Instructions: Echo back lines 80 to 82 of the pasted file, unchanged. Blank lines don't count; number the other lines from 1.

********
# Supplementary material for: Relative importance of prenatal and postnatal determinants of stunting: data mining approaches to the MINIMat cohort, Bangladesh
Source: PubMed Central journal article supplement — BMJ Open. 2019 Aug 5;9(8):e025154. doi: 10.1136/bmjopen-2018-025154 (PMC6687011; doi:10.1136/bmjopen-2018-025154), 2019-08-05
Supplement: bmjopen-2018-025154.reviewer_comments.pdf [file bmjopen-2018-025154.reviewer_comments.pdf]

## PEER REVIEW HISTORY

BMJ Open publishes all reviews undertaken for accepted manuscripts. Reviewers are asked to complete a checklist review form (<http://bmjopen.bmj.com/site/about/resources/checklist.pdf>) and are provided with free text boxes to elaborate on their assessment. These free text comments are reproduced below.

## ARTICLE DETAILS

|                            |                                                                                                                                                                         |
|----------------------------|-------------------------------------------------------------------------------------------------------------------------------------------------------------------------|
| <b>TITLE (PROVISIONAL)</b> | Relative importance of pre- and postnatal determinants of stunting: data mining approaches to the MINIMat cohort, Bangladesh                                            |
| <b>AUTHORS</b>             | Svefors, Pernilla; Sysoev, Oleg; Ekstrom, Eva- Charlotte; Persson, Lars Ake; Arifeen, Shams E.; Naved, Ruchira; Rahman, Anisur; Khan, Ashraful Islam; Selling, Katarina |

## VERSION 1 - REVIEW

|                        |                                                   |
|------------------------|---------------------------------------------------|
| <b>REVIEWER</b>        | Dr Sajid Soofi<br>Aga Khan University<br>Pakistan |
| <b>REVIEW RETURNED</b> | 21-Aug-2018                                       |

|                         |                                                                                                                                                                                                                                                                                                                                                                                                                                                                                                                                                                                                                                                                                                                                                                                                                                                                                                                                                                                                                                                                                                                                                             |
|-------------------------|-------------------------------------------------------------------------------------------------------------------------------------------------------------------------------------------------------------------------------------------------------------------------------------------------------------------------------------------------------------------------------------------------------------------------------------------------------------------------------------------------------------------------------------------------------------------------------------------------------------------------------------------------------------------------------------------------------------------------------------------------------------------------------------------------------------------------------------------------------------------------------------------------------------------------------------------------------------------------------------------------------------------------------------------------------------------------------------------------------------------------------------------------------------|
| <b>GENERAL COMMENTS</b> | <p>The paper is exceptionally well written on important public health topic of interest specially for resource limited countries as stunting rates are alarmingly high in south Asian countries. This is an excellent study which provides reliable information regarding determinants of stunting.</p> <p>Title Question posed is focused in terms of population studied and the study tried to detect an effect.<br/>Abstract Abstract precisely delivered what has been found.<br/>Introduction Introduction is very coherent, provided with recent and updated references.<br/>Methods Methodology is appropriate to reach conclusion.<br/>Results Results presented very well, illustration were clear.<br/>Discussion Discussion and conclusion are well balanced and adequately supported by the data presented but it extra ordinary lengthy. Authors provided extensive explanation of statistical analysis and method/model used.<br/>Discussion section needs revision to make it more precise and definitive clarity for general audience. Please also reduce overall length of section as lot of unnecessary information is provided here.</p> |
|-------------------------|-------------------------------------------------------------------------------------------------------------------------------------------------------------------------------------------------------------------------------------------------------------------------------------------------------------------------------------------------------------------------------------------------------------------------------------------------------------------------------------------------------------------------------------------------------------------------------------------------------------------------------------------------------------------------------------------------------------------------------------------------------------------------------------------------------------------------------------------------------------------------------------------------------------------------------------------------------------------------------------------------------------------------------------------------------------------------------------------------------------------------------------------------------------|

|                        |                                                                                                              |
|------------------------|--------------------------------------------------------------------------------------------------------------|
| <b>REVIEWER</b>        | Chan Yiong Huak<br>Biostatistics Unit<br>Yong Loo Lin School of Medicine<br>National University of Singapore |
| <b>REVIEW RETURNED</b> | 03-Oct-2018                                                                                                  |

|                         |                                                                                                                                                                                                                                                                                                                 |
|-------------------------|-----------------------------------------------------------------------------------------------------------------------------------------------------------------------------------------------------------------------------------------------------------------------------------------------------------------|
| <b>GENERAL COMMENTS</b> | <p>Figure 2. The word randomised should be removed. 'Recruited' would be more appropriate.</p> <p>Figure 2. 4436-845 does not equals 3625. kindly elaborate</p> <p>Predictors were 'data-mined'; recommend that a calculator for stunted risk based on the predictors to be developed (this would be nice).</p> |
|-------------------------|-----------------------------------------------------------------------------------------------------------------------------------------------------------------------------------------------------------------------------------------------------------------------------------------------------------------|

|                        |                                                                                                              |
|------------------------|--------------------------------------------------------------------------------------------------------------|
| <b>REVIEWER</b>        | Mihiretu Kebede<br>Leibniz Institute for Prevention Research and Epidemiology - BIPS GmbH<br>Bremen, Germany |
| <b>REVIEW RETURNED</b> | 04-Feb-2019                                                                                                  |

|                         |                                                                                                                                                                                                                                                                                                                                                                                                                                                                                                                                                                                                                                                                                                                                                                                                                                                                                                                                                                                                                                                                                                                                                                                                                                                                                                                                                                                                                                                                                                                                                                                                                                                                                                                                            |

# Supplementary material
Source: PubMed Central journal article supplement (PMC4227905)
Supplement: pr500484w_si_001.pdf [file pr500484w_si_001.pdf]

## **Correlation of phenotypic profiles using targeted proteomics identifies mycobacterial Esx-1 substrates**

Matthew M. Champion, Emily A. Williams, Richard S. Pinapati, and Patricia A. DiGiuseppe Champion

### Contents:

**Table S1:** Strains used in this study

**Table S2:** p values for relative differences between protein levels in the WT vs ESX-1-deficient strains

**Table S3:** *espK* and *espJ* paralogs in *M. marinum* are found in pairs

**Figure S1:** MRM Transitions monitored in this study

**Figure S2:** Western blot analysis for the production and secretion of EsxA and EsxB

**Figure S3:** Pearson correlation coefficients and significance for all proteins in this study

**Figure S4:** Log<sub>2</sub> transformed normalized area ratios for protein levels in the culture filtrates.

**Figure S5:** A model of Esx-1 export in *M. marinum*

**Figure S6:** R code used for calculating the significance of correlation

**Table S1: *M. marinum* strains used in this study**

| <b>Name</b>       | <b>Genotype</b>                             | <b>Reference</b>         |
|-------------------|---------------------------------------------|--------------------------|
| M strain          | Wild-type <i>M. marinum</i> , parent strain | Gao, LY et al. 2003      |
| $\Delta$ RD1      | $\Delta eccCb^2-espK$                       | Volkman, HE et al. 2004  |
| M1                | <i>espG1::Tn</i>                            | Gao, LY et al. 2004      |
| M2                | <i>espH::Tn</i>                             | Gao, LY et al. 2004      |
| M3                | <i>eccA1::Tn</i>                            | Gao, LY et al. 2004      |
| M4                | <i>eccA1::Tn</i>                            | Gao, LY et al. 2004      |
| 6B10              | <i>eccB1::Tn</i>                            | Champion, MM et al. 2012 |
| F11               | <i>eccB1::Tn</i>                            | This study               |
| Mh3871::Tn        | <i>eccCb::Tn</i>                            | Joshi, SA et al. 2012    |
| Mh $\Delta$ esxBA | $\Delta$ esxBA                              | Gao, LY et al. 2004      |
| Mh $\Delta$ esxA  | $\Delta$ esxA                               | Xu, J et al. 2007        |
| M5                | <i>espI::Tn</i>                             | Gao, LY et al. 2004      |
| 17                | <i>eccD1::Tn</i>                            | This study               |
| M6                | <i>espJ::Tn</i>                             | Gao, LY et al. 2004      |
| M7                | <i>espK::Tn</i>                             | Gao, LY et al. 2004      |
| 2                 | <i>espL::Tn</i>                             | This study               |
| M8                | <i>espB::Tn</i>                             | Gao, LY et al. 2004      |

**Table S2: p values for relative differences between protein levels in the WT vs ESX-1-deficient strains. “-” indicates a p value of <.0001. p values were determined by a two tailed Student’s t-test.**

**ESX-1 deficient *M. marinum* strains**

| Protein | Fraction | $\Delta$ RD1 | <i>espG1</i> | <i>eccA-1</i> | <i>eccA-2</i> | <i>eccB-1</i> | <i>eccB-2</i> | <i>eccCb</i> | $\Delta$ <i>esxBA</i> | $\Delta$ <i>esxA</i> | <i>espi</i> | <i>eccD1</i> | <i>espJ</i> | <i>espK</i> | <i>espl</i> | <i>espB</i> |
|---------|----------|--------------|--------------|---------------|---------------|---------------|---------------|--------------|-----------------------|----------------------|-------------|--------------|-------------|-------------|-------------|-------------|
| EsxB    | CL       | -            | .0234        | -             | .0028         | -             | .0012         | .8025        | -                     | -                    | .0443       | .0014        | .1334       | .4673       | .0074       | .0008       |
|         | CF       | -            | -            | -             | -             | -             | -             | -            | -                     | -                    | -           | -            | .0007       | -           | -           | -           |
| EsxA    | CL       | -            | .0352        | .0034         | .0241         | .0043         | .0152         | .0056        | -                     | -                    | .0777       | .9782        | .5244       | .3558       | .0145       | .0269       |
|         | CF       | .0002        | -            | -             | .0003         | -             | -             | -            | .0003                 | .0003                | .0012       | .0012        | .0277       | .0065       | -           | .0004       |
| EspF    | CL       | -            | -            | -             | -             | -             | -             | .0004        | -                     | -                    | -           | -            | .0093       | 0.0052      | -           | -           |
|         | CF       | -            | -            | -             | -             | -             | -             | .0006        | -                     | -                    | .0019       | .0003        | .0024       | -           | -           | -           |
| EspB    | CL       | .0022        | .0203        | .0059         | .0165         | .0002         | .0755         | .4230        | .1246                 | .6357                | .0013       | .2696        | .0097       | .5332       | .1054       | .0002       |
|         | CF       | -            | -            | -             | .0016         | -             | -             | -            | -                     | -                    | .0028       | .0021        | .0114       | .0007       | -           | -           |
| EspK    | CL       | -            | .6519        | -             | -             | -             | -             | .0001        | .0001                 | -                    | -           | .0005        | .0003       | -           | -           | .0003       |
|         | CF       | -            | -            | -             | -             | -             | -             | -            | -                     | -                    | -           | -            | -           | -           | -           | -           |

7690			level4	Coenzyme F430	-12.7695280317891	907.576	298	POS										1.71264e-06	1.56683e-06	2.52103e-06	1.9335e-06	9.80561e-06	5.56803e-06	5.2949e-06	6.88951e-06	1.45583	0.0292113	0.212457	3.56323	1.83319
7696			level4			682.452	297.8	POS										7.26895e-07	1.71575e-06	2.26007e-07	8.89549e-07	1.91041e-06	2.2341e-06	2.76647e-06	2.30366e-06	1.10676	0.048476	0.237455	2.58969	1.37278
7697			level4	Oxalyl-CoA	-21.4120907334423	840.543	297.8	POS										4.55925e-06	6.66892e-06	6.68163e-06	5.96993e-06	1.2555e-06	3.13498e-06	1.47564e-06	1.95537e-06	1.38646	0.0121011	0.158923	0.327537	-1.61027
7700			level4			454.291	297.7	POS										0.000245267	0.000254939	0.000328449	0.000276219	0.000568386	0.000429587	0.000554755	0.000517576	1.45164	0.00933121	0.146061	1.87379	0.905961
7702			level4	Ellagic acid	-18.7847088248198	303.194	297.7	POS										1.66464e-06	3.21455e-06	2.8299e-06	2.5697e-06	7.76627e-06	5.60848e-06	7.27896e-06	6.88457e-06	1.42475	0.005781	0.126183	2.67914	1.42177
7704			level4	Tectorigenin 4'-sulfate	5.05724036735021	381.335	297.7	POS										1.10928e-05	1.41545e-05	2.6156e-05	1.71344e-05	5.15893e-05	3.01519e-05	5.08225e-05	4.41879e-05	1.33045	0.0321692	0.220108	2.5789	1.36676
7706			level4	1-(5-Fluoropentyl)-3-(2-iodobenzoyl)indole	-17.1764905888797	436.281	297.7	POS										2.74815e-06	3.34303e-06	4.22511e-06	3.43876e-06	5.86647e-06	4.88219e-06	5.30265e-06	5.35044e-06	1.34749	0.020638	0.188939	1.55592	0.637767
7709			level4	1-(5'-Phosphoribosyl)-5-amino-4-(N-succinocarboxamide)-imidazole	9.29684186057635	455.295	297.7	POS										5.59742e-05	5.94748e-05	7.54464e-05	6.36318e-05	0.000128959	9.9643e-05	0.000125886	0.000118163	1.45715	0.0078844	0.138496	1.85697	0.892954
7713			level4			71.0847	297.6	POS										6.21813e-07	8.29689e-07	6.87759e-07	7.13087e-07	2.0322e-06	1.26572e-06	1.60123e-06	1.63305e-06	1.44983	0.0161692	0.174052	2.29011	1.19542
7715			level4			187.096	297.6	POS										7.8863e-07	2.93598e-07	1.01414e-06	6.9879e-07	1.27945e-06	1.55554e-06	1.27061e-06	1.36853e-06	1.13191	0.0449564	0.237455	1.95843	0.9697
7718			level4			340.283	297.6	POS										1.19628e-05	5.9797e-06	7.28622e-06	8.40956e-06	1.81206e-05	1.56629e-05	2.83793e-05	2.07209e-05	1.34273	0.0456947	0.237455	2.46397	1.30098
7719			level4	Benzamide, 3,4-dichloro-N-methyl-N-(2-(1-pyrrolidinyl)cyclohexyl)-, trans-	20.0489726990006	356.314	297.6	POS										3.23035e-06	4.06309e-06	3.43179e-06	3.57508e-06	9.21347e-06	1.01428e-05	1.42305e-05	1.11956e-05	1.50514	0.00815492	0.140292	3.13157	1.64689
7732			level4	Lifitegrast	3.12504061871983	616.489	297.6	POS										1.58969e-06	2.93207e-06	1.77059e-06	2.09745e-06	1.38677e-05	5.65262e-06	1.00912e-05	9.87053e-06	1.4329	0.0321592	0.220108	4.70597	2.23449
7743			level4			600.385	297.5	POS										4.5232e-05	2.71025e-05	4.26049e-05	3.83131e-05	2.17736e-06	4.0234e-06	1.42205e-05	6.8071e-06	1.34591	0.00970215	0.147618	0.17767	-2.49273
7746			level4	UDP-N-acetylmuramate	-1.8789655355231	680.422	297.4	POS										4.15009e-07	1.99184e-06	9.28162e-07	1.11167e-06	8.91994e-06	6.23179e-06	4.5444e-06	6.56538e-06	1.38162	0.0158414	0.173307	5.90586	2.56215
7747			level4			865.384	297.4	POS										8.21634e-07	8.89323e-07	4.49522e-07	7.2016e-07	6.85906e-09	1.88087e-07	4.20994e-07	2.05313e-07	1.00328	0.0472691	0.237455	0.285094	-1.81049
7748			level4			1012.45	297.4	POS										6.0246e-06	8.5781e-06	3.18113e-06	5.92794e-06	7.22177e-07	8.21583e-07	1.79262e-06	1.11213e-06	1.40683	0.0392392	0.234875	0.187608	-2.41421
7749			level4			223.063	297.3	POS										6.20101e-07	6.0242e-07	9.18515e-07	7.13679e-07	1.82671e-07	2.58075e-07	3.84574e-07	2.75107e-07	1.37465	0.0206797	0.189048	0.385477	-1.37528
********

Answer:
| EspK    | CL       | -            | .6519        | -             | -             | -             | -             | .0001        | .0001                 | -                    | -           | .0005        | .0003       | -           | -           | .0003       |
|         | CF       | -            | -            | -             | -             | -             | -             | -            | -                     | -                    | -           | -            | -           | -           | -           | -           |

7690			level4	Coenzyme F430	-12.7695280317891	907.576	298	POS										1.71264e-06	1.56683e-06	2.52103e-06	1.9335e-06	9.80561e-06	5.56803e-06	5.2949e-06	6.88951e-06	1.45583	0.0292113	0.212457	3.56323	1.83319